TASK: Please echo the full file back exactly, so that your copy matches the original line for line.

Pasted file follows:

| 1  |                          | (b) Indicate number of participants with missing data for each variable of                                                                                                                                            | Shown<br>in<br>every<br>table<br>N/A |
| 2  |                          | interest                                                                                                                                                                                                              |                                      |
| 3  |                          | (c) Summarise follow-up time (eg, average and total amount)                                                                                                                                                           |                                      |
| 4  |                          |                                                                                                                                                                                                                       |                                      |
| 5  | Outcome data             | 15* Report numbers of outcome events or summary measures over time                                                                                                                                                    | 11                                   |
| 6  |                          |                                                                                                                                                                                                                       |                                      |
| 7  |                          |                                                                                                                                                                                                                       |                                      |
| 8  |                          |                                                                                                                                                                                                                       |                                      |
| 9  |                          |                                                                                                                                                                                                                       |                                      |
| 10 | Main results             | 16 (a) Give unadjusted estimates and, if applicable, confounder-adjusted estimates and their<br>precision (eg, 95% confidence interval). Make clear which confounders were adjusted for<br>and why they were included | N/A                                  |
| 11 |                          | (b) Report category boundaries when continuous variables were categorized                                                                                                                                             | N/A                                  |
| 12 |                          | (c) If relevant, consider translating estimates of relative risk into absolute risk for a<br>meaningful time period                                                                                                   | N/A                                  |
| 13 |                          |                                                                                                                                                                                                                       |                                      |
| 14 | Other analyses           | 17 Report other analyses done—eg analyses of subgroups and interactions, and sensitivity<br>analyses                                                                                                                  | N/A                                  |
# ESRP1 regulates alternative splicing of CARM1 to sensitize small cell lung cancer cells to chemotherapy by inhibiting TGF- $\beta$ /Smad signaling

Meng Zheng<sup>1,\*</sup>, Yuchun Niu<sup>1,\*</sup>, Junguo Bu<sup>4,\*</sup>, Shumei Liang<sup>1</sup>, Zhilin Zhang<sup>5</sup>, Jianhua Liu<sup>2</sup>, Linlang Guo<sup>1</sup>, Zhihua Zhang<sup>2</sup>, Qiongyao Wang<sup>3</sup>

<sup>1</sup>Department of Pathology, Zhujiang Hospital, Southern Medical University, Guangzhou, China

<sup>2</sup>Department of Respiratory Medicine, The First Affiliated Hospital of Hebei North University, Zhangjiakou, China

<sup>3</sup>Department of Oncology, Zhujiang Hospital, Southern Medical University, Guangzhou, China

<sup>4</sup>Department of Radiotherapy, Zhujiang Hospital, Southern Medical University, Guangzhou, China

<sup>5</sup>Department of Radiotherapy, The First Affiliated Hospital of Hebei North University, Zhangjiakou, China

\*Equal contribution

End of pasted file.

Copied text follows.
| 1  |                          | (b) Indicate number of participants with missing data for each variable of                                                                                                                                            | Shown<br>in<br>every<br>table<br>N/A |
| 2  |                          | interest                                                                                                                                                                                                              |                                      |
| 3  |                          | (c) Summarise follow-up time (eg, average and total amount)                                                                                                                                                           |                                      |
| 4  |                          |                                                                                                                                                                                                                       |                                      |
| 5  | Outcome data             | 15* Report numbers of outcome events or summary measures over time                                                                                                                                                    | 11                                   |
| 6  |                          |                                                                                                                                                                                                                       |                                      |
| 7  |                          |                                                                                                                                                                                                                       |                                      |
| 8  |                          |                                                                                                                                                                                                                       |                                      |
| 9  |                          |                                                                                                                                                                                                                       |                                      |
| 10 | Main results             | 16 (a) Give unadjusted estimates and, if applicable, confounder-adjusted estimates and their<br>precision (eg, 95% confidence interval). Make clear which confounders were adjusted for<br>and why they were included | N/A                                  |
| 11 |                          | (b) Report category boundaries when continuous variables were categorized                                                                                                                                             | N/A                                  |
| 12 |                          | (c) If relevant, consider translating estimates of relative risk into absolute risk for a<br>meaningful time period                                                                                                   | N/A                                  |
| 13 |                          |                                                                                                                                                                                                                       |                                      |
| 14 | Other analyses           | 17 Report other analyses done—eg analyses of subgroups and interactions, and sensitivity<br>analyses                                                                                                                  | N/A                                  |
# ESRP1 regulates alternative splicing of CARM1 to sensitize small cell lung cancer cells to chemotherapy by inhibiting TGF- $\beta$ /Smad signaling

Meng Zheng<sup>1,\*</sup>, Yuchun Niu<sup>1,\*</sup>, Junguo Bu<sup>4,\*</sup>, Shumei Liang<sup>1</sup>, Zhilin Zhang<sup>5</sup>, Jianhua Liu<sup>2</sup>, Linlang Guo<sup>1</sup>, Zhihua Zhang<sup>2</sup>, Qiongyao Wang<sup>3</sup>

<sup>1</sup>Department of Pathology, Zhujiang Hospital, Southern Medical University, Guangzhou, China

<sup>2</sup>Department of Respiratory Medicine, The First Affiliated Hospital of Hebei North University, Zhangjiakou, China

<sup>3</sup>Department of Oncology, Zhujiang Hospital, Southern Medical University, Guangzhou, China

<sup>4</sup>Department of Radiotherapy, Zhujiang Hospital, Southern Medical University, Guangzhou, China

<sup>5</sup>Department of Radiotherapy, The First Affiliated Hospital of Hebei North University, Zhangjiakou, China

\*Equal contribution